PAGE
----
What managers can learn from spies

Review of: Work Like a Spy
Product by:
J C Carleson

Reviewed by:
Rating:
4
On 31 January, 2013
Last modified:17 August, 2013

Summary:

The legal use of intelligence techniques can provide strategic advantages to a firm. However, it seems odd being lectured on integrity and trust by someone from an organisation that deals in deception and theft.

Techniques from the clandestine world can help you legitimately succeed in the business world. In particular, classic spy methods are valuable for understanding and manipulating your customers, your competition and your suppliers, according to J C Carleson in her book Work Like a Spy: Business Tips from a Former CIA Officer. The book aims to describe the legal use of intelligence techniques, rather than to promote corporate espionage.

So, what sorts of business decisions and activities can benefit from the experience of a former intelligence officer? The author has advice to offer in relation to:

  • Targeting: how to find a “hook” which enables you to establish a productive relationship with a client, prospective employee or other person
  • Business counterintelligence: how to reduce the flow of confidential information leaking outside your organisation
  • Recruitment: determining whether prospective employees are really the most suitable candidates for your position and organisation
  • Ethics: the importance of integrity and trustworthy behaviour even when engaged in dirty work
  • Crisis management: how to focus attention and action outward instead of inward and create appropriate organisational dynamics to ensure the best response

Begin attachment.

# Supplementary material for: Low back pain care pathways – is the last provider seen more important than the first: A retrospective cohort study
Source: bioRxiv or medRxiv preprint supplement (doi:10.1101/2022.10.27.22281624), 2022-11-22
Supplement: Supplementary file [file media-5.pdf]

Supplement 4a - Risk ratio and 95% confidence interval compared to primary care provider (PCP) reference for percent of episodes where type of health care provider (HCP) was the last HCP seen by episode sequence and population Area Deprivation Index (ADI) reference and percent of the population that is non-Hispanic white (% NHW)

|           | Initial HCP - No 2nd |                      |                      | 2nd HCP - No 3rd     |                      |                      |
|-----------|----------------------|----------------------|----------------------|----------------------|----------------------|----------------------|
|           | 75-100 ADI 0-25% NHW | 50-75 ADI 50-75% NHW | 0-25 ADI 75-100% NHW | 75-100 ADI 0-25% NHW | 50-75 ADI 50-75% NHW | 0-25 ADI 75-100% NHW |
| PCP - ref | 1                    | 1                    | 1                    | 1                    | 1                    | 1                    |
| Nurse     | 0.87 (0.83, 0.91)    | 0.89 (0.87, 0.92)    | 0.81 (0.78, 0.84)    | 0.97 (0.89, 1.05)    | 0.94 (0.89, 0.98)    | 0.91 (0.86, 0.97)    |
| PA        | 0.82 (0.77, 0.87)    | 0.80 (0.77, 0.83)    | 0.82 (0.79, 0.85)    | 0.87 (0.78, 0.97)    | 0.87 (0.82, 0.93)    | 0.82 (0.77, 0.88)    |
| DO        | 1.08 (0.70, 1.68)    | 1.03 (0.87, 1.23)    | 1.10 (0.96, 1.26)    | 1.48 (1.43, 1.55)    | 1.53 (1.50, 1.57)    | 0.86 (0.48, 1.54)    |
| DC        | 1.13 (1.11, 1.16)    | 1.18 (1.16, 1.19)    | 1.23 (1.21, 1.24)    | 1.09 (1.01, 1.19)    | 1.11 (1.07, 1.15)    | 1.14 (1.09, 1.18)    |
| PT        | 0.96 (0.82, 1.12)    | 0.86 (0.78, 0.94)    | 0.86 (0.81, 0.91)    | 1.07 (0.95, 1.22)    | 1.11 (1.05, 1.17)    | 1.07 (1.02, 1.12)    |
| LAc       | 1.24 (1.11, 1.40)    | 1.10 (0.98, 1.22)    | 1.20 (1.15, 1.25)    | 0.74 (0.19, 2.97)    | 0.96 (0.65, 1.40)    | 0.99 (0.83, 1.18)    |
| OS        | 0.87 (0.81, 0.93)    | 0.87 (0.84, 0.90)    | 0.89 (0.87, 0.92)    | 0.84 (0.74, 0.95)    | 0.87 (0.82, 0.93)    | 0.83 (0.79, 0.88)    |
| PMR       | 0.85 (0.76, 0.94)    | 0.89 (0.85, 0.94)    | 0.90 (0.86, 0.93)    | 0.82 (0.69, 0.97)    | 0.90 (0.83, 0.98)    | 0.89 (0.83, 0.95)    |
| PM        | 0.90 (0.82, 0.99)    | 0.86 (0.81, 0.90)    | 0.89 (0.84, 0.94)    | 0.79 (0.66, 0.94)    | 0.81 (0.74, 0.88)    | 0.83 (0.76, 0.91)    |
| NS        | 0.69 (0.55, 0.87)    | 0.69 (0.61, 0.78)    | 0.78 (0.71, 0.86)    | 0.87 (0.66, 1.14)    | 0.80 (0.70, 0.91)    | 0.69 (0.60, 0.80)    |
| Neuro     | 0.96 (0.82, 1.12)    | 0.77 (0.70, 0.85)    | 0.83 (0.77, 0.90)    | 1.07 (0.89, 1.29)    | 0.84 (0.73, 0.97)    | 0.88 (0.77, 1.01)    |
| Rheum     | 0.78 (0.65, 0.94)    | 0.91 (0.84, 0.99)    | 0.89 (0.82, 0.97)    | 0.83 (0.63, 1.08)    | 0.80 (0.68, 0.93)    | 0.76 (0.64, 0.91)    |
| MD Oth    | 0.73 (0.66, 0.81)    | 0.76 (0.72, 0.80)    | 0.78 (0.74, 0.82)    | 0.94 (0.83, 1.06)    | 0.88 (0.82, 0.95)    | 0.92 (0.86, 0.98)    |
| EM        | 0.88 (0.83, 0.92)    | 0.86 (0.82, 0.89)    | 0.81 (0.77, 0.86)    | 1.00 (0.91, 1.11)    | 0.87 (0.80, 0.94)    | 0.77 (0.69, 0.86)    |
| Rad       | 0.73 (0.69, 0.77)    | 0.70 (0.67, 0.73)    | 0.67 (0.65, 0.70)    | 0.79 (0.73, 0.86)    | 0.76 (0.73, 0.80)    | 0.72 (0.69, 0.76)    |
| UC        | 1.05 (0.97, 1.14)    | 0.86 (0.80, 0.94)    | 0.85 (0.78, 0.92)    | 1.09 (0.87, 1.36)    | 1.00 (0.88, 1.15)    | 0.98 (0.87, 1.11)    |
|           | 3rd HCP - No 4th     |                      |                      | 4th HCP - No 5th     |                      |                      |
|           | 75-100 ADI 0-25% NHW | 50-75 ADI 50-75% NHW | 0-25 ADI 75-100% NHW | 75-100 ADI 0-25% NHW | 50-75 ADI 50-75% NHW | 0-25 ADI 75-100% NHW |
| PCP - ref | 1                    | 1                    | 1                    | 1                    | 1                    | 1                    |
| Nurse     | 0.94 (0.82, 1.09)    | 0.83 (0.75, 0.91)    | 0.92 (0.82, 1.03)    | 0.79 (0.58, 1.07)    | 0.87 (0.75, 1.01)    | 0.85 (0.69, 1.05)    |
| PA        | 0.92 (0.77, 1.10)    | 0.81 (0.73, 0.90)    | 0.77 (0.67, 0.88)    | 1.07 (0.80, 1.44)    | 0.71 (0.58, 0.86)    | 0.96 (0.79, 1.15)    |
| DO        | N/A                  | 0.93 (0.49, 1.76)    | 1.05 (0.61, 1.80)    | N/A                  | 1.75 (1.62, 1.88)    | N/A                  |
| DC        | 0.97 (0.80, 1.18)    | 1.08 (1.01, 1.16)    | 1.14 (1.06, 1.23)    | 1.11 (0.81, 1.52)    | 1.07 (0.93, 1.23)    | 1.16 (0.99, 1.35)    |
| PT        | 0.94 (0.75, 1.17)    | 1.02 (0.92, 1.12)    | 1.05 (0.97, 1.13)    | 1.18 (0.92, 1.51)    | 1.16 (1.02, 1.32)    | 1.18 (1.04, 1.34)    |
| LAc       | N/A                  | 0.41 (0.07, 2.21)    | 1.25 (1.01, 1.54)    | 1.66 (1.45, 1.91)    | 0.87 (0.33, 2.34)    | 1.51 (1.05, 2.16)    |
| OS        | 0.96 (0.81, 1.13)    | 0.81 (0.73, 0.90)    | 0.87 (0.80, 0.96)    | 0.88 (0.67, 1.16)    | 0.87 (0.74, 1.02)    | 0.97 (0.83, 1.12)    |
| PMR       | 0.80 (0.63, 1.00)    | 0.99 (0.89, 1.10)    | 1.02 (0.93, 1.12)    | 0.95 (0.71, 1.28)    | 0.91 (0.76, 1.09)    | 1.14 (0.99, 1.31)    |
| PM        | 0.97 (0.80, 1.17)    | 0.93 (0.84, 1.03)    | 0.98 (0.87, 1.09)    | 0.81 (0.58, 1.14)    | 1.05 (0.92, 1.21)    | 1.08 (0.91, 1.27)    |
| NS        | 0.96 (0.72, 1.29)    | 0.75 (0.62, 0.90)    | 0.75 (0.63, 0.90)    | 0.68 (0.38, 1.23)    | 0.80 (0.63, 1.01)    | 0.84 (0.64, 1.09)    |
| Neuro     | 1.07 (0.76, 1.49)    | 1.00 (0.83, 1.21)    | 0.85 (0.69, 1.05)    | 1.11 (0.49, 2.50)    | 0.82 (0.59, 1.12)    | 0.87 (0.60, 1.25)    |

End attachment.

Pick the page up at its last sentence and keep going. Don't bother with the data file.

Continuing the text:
• Making a sale: various techniques for creating trust and persuading a person to do something that you want
  • Supply chain management: how to build a supplier intelligence network; and
  • Dealing with the competition: how to improve your chances of securing promotion, relative to those of your colleagues

The book contains some interesting spy stories, although the specific facts have presumably been changed. The book also reveals how much like any other business the CIA really is, although once again the CIA censors may have buffed things up to make the appearance slightly shinier than the reality. It did seem rather odd being lectured on the importance of integrity and trust by someone from an organisation that deals in deception and theft, and I struggled to understand the author’s explanation of what motivates people to become CIA operatives. Nonetheless, it is an interesting book with some sound business advice.

The legal use of intelligence techniques can provide strategic advantages to a firm. However, it seems odd being lectured on integrity and trust by someone from an organisation that deals in deception and theft.

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